The Downtown Partnership of Baltimore wants to plug vacant storefronts with pop-up shops, restaurants and art galleries with a new program that launches Friday.
The partnership hopes the program will connect areas with shopping, entertainment and nightlife by filling in the rows of empty, unlit storefronts on many of the city’s streets.
“Once people from out of town leave the Inner Harbor — or even if you’re if an office worker — you need a compelling reason to pull you into other neighborhoods,” said partnership spokesman Michael Evitts.
Through Operation: Storefront, the partnership will link entrepreneurs and established restaurateurs and shop owners with downtown landlords who have empty, street-level space. The business group will provide up to $10,000 per project to outfit the space, pay for permits and licenses and cover other costs.
“The idea is to provide them with almost incubator space,” said Mackenzie Paull, manager of retail and economic development for the Downtown Partnership. “If we can help them get their feet under them and provide them the money to get fixtures and do build-out, that can blossom into a self-sustaining business.”
The program has $90,000 to start, Paull said. The money was raised as part of an increase to the surcharges levied on downtown property owners. The surcharge climbed 7 cents on July 1 to 21.39 cents per $100 of assessed property value.
Operation: Storefront is based on similar programs in other cities that find artists space to develop and display their work. Swing Space launched in New York in 2005 and since has placed more than 1,000 artists in 20 different locations that range from gutted industrial spaces to an underground bank vault.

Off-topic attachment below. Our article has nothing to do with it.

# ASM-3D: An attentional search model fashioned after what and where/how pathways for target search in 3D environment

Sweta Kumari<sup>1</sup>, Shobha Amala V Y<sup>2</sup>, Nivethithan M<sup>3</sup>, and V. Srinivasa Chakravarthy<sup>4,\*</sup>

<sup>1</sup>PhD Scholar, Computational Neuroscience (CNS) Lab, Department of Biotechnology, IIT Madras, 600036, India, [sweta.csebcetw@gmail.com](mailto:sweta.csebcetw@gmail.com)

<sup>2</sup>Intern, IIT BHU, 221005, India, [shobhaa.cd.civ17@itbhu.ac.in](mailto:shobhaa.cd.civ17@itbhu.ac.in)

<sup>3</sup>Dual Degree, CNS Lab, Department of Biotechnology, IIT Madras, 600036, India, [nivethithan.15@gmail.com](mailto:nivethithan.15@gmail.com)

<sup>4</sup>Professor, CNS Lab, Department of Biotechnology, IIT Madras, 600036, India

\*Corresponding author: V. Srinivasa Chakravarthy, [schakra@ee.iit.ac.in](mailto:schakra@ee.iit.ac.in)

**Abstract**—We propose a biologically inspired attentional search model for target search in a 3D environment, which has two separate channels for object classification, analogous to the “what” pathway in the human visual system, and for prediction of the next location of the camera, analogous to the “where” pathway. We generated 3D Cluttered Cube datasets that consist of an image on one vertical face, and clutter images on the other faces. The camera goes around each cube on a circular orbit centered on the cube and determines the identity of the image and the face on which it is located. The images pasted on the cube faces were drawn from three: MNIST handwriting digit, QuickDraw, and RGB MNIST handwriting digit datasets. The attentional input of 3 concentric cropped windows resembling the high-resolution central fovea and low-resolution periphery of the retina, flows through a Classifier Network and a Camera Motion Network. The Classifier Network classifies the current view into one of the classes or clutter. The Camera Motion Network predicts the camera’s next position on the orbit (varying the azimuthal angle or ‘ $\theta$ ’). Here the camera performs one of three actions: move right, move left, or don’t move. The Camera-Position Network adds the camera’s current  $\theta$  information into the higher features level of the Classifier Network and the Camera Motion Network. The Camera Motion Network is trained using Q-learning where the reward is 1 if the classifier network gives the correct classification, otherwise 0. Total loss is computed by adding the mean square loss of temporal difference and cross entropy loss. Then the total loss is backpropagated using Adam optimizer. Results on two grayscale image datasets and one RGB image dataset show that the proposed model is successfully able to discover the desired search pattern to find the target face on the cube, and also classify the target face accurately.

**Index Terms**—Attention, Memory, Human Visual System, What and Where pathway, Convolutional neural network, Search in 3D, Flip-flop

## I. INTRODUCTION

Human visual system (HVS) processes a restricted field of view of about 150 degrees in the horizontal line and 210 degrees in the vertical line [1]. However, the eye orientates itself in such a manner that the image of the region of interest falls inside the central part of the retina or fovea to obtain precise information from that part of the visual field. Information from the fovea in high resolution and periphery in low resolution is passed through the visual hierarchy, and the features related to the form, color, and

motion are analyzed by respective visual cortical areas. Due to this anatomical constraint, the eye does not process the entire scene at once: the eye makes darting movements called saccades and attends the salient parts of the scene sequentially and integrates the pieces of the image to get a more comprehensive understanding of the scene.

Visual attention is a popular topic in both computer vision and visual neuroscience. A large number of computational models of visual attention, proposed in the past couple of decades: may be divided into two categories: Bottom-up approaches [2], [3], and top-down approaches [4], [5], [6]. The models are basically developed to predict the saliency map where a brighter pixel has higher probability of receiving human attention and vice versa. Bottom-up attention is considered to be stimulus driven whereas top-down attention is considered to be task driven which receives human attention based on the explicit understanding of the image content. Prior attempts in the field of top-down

While the partnership’s effort is targeted at street-level retail property, it will expand beyond the arts, looking for chefs who want to experiment with new concepts, retailers that want a peek into a new market or entrepreneurs who need a little nudge.
The focus will be on short-term leases to work around other plans landlords may have for the property. And the partnership will give priority consideration to projects on Calvert Street between Lombard and Baltimore, and Charles Street between Lombard and Franklin.
“Both of those areas are areas where there are a lot of strengths, but where there is a fair amount of under-utilized space,” Paull said.
Baltimore has had limited exposure to pop-up stores that have caught on in other cities and been embraced by big-time retailers like Target.
After spending time in a pop-up location on South Calvert Street, the Current Gallery, which hosts collections from local artists, moved to a permanent home on Howard Street. And H&S Properties Development Corp. has filled some vacant space in Harbor East with temporary retail outlets as it searched for permanent tenants.
The 10 months that high-end men’s clothier J.S. Edwards spent in the Legg Mason tower was a valuable foray into a new market for the 27-year-old, one-store fixture in Pikesville, said its president, Edward Steinberg.
He said the pop-up store helped “scratch an itch” he’s always had, and earned the store some new customers in the process.
“That’s what we’ve always wanted to do is venture out,” he said. “But as a business owner, it’s hard to do that without testing out the area. It’s almost like a litmus test.”